Angola – national flag
Angola – national flag, The flag dates from 1975 and is identical to the party flag of the liberation movement MPLA with the addition of a half cog and a machete (knife) symbolizing industry and agriculture and combined as the communist hammer and seal symbol. The star represents communism and internationalism. The red field symbolizes the struggle and the shed blood for freedom; black stands for Africa.
- Countryaah: What does the flag of Angola look like? Follow this link, then you will see the image in PNG format and flag meaning description about this country.
Angola – history
Angola History Angola was populated in the first millennium AD of immigrant Bantu people who founded several smaller kingdoms, the most important of which were the Loan Kingdom, the Ndonga Kingdom, the Lundar Empire and the Ovimbundur Kingdom; in the north around the year 1400 the kingdoms were organized in the kingdom. In 1483, Portuguese sailor Diogo Cão reached the Angolan coast at the mouth of the Congo River.
- AbbreviationFinder: Check three-letter abbreviation for each country in the world, such as AGO which represents the official name of Angola.
According to a2zgov, the Portuguese began an extensive trade with the various kingdoms, almost all of whom were vassals during the Kingdom. The most important commodity was slaves, which were exported to the Portuguese plantations in Brazil and São Tomé. In the 1570’s, the Portuguese began the construction of an actual colony in the Luanda area. In doing so, they came into conflict with the Ndonga kingdom, whose regent bore the title of ngola- hence the name Angola. In the 1640’s, conflict arose between Portuguese and Dutch. São Paulo de Loanda, the Portuguese most important city on the coast, was taken by a Dutch navy in 1641, but recaptured in 1648. In 1665, the Portuguese defeated the army of the Kingdom, after which the kingdom was dissolved into several warring kingdoms, and in the 1670’s the Portuguese succeeded in submit to the Ndonga Kingdom, which had retained its independence outside the Kingdom.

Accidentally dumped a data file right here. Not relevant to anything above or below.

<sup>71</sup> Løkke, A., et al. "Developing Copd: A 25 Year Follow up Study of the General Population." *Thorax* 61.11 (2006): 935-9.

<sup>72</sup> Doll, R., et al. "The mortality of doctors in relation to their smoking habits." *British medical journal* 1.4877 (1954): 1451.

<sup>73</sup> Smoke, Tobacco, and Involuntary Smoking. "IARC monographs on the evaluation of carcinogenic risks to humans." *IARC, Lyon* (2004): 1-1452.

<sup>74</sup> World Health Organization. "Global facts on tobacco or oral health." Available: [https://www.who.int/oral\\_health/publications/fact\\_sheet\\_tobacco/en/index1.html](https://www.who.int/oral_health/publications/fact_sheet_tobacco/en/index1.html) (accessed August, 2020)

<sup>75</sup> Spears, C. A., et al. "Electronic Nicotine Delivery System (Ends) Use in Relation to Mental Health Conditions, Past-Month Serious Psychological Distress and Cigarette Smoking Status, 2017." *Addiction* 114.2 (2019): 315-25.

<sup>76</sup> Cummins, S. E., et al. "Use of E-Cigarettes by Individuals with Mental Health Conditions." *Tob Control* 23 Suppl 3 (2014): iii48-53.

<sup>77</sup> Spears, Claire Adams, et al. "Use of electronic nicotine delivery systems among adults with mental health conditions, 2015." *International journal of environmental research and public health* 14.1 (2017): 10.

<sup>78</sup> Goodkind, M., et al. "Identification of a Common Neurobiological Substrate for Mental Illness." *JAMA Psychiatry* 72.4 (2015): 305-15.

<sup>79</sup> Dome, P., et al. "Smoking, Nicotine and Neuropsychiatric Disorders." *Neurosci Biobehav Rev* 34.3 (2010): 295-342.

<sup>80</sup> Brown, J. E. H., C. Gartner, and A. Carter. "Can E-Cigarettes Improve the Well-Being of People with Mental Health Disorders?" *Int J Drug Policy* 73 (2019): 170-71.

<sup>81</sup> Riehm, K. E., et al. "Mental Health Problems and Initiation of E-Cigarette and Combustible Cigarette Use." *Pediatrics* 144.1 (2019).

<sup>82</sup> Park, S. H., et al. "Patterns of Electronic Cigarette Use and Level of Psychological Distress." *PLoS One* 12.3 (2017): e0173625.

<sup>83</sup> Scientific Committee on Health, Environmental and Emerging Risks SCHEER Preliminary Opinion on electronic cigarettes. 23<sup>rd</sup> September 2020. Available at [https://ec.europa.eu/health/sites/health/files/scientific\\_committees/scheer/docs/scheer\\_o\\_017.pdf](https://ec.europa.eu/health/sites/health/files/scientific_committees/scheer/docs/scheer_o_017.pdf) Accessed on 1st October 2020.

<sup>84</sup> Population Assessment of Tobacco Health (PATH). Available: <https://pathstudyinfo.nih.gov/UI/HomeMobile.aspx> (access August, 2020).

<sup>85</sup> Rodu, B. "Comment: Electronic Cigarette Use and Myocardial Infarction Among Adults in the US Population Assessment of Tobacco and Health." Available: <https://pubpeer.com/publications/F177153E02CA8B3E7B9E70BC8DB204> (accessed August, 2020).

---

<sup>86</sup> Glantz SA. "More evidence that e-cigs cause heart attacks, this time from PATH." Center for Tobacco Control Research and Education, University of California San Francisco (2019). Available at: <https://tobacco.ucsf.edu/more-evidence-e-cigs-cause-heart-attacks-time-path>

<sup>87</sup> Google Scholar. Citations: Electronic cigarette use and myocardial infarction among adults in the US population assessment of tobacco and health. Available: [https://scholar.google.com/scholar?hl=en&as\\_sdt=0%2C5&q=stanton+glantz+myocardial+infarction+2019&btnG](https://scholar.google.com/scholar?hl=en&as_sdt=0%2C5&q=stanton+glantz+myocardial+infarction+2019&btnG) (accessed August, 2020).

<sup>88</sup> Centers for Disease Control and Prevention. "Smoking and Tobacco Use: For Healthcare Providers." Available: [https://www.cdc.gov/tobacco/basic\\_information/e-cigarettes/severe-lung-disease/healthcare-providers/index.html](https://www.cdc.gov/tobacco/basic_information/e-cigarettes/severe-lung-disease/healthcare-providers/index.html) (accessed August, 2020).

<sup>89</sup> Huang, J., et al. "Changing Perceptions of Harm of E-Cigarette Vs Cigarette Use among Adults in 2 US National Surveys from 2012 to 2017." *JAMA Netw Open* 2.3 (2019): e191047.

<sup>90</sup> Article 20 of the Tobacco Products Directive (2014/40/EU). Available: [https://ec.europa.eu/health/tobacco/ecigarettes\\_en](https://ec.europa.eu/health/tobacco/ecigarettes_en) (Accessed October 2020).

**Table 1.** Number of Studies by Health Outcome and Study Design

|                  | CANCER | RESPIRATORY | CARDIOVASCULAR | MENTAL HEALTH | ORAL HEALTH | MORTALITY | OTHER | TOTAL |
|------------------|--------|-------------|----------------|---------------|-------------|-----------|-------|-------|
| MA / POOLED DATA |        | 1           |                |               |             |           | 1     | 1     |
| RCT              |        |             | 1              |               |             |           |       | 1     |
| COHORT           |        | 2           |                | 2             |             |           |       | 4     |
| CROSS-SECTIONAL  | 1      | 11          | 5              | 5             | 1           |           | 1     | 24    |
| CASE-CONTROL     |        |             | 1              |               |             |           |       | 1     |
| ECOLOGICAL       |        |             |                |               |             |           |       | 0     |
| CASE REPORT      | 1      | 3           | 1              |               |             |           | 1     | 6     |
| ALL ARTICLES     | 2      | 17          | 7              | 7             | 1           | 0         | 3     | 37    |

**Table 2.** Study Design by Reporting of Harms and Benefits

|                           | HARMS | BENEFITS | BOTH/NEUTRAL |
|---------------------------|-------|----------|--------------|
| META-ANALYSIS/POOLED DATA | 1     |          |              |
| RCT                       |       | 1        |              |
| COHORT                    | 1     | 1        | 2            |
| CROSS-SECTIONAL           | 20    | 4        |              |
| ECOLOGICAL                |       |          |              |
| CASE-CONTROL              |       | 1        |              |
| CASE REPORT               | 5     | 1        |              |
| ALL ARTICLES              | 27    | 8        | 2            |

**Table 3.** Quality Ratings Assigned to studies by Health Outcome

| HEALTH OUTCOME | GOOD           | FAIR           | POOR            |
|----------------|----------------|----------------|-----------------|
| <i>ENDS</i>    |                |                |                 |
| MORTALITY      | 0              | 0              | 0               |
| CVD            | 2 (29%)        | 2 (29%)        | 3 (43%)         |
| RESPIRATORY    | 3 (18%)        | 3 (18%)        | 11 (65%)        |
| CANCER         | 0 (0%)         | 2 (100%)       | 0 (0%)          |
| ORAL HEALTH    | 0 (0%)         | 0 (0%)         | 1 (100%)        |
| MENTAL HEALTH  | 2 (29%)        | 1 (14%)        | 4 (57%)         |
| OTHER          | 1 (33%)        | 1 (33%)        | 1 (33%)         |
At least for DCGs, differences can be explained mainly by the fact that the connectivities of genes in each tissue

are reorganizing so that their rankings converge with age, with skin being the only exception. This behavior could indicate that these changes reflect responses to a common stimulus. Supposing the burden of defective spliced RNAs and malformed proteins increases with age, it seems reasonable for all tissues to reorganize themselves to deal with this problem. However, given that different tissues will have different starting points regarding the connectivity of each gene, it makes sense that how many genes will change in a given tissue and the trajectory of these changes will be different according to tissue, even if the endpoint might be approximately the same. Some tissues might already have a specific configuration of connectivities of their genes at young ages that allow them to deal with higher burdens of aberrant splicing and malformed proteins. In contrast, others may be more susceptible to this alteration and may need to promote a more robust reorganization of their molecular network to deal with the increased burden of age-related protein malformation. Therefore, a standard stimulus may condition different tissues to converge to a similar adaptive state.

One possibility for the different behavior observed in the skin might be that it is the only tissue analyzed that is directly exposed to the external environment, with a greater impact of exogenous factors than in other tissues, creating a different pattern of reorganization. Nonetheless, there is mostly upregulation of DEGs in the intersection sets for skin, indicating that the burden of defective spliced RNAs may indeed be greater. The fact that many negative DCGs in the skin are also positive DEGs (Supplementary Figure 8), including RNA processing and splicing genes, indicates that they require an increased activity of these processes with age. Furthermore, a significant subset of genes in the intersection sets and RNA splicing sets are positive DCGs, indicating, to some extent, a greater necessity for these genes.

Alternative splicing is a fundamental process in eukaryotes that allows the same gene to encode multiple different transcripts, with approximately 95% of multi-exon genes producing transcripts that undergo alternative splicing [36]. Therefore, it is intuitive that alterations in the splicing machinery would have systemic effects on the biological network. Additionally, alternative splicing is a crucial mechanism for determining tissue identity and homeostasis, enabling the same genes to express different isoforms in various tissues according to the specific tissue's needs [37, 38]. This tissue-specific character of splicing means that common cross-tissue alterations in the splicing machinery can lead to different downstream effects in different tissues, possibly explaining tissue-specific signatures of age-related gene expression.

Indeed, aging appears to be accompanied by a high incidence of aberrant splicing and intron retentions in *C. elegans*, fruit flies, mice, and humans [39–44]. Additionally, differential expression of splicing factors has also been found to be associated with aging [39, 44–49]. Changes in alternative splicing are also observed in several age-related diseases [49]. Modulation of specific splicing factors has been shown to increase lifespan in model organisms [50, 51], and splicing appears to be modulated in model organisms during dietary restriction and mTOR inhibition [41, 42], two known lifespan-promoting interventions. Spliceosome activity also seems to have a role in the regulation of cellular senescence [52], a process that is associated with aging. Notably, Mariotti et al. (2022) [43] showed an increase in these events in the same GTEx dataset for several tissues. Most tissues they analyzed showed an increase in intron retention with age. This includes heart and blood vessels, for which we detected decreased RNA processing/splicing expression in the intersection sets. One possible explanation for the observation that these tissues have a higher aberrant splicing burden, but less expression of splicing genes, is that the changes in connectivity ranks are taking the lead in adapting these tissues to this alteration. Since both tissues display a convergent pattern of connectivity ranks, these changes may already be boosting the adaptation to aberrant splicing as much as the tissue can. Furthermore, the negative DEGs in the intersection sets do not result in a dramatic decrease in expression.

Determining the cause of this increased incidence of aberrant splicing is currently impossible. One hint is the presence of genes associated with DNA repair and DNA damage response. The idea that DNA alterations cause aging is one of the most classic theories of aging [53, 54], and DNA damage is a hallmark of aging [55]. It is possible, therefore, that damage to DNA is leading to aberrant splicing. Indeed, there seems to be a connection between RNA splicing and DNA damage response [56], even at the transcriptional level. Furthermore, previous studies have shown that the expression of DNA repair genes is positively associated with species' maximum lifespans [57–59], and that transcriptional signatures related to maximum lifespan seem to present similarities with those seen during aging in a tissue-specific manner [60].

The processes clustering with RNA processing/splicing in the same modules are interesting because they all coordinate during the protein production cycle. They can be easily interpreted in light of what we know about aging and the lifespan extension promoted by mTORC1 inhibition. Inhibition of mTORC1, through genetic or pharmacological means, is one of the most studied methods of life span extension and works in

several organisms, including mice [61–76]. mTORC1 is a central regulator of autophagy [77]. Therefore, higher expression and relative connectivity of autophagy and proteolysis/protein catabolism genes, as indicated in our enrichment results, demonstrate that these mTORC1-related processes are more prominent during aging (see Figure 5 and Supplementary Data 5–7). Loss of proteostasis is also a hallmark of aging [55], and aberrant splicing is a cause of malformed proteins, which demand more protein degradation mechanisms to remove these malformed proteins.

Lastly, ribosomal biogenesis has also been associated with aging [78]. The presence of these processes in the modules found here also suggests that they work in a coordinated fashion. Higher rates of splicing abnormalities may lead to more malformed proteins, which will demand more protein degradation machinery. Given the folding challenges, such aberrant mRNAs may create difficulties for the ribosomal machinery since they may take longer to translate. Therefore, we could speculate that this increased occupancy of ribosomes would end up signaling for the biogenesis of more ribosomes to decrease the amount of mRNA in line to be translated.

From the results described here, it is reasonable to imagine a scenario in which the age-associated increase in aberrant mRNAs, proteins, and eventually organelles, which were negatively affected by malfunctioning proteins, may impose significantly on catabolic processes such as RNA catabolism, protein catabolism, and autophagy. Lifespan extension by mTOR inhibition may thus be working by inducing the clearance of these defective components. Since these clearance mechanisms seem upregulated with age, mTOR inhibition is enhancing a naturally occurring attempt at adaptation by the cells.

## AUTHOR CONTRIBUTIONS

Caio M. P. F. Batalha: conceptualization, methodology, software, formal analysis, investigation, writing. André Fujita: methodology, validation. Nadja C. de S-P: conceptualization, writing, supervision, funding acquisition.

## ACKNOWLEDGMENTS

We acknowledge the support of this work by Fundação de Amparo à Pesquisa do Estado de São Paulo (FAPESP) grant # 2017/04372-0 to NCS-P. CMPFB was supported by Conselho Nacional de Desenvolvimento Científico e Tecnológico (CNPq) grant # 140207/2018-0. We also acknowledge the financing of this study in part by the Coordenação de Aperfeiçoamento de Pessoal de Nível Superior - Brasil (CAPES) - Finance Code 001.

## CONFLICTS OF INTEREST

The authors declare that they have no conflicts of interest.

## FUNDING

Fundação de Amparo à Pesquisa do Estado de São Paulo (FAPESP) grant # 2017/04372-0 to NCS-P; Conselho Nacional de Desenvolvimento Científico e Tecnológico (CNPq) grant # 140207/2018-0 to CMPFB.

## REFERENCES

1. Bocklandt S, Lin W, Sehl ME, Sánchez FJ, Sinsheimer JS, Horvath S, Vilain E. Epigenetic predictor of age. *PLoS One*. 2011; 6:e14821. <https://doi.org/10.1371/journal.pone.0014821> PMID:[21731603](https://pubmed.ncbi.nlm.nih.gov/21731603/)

In the period up to approximately 1850 was the dominant economic activity in Angola exporting slaves. More than 1 million people were exported to Brazil in particular as slaves. However, Portuguese control covered far from all over the country. Not until the 1880’s did Portugal begin to really colonize all of Angola, but continued vigorous resistance from the people of the interior of the country meant that Portugal first gained control of the entire colony around 1920. Despite an official Portuguese declaration in 1917 that it wanted to civilize and assimilating Africans with Portuguese culture achieved only a few of these status as “assimilados”. The rest remained “indigenatos” (“natives”) and were forced labor in the Portuguese-owned coffee, corn and sisal plantations. In 1951 Angola became an overseas province and immigration from Portugal increased from approximately 80,000 in 1950 to approximately 400,000 in 1970.
From the late 1950’s several armed resistance movements emerged, aimed at the Portuguese regime. They culminated in three rival movements in the mid-1960’s: MPLA (Movimento Popular de Libertação de Angola), led by Agostinho Neto, FNLA (Frente Nacional de Libertação de Angola), and UNITA (União Nacional para a Independentia Total de Angola), led by Jonas Savimbi.